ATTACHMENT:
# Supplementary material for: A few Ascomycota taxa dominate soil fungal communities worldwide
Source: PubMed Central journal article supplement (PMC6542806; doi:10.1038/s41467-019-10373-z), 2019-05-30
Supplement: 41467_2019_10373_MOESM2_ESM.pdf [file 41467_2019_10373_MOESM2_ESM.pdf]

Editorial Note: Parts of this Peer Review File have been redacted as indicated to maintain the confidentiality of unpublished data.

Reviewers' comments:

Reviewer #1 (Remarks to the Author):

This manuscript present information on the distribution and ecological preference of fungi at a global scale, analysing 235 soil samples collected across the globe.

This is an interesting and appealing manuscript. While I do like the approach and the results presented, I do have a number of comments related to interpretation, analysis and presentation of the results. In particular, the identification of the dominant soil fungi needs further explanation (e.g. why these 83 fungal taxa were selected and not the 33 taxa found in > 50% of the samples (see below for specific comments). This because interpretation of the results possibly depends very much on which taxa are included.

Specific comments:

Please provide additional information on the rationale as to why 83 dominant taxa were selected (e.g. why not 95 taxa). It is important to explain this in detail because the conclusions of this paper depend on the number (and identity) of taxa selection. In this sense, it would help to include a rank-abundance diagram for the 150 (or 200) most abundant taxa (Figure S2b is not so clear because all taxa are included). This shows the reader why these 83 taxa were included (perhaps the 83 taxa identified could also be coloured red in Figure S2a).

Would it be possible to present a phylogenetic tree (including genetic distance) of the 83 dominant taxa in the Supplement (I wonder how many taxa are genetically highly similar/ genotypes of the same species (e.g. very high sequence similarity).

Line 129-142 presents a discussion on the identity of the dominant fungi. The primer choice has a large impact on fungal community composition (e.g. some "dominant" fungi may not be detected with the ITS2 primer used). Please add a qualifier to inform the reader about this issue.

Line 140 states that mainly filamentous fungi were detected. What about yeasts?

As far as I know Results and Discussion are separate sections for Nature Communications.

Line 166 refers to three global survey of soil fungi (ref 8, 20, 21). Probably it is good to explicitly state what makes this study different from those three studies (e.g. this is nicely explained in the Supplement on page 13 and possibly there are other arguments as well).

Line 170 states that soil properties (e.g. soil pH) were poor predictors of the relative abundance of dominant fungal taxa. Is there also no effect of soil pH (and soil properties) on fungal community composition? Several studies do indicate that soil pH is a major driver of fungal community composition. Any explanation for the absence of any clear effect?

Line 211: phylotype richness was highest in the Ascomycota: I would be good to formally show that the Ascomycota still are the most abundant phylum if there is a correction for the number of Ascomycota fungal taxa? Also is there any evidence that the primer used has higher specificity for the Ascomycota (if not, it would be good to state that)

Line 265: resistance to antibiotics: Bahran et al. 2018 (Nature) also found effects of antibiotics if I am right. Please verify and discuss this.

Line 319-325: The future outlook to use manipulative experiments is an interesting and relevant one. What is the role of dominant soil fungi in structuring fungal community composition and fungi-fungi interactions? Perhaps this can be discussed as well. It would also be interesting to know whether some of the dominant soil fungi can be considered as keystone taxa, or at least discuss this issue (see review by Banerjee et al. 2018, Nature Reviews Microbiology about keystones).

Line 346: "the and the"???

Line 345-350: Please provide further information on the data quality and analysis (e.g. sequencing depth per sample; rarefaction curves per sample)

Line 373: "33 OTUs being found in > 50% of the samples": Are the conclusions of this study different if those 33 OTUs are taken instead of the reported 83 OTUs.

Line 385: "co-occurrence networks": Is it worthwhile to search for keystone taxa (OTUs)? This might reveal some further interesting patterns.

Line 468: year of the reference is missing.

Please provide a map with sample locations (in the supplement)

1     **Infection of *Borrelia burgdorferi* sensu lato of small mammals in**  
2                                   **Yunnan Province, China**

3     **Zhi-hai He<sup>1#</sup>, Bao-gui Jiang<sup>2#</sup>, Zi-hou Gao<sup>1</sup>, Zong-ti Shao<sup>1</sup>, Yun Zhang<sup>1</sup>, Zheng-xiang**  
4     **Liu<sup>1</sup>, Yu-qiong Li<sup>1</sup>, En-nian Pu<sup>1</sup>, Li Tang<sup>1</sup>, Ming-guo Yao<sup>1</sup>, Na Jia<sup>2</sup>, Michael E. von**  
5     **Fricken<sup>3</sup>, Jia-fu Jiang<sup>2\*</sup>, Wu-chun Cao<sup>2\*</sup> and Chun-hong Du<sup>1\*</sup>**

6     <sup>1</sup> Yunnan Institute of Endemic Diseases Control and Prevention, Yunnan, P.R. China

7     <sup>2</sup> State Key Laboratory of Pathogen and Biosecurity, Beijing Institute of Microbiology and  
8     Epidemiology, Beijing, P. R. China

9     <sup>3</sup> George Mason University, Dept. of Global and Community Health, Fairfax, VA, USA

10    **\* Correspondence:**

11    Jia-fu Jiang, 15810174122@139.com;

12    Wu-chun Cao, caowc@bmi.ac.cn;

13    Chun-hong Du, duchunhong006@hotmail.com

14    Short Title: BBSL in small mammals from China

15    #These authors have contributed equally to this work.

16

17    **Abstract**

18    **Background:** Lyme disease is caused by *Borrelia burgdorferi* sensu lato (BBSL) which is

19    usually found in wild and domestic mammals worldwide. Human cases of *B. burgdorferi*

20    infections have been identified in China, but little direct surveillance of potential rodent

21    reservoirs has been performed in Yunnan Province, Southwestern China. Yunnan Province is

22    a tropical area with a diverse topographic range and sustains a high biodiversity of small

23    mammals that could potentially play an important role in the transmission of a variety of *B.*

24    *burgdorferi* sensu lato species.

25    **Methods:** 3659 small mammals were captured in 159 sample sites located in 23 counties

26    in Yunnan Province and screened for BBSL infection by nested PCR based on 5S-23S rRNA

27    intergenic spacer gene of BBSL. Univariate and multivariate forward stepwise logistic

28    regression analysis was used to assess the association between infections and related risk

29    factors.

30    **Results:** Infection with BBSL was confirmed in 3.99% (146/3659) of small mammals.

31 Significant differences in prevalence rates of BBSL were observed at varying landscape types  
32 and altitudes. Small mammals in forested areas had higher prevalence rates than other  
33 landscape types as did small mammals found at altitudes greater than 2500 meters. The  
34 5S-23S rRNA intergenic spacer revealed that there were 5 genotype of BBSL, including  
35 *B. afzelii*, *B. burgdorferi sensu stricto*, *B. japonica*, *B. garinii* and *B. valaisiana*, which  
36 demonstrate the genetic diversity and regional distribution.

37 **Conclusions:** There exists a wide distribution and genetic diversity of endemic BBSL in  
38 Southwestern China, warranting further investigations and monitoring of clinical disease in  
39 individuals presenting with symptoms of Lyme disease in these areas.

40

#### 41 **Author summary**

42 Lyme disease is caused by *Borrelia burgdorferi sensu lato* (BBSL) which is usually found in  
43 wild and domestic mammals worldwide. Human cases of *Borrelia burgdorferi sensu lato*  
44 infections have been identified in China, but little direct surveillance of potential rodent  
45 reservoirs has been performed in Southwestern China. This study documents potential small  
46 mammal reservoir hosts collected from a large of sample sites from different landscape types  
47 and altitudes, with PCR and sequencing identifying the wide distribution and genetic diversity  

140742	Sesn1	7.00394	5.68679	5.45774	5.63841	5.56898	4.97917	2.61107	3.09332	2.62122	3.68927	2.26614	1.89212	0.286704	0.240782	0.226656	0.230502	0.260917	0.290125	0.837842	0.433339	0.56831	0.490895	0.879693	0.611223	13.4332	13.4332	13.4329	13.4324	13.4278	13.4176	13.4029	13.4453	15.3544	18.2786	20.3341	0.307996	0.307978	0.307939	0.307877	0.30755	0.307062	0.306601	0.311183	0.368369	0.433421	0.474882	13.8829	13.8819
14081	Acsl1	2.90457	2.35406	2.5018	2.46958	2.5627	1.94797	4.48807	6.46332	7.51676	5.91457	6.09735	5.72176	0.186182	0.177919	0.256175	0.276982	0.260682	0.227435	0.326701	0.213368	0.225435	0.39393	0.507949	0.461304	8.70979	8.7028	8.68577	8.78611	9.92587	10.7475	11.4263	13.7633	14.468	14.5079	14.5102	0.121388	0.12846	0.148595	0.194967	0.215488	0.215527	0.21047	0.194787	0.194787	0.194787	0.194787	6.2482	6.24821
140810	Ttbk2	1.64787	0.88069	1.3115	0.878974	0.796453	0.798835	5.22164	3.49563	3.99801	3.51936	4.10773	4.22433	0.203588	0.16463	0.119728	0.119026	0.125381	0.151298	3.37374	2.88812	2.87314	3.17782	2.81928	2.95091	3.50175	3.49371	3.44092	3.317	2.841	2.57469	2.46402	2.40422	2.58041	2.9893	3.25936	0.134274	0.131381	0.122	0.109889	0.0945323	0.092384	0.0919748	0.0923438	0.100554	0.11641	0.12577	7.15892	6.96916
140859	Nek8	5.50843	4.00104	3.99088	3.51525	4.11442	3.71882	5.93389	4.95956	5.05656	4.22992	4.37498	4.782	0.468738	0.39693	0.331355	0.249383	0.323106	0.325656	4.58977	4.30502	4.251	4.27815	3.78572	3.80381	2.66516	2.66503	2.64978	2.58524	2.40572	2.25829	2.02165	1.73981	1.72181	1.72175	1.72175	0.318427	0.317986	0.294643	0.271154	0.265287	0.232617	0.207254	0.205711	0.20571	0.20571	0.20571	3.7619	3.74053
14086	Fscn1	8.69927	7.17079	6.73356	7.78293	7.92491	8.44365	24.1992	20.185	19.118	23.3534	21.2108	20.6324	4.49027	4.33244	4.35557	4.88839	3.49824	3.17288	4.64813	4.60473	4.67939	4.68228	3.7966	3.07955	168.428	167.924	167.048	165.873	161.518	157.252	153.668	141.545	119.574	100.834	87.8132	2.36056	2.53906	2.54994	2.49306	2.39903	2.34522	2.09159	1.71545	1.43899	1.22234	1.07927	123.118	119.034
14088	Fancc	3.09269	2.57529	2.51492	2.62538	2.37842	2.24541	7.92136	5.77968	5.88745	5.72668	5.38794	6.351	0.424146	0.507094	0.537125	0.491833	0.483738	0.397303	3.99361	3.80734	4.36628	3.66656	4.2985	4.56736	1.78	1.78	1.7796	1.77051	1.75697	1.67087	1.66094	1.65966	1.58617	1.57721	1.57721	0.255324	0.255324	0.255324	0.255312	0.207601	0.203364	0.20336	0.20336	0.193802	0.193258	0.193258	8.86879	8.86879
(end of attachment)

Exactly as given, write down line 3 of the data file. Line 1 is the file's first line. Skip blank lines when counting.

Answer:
Supplement: 41467_2019_10373_MOESM2_ESM.pdf [file 41467_2019_10373_MOESM2_ESM.pdf]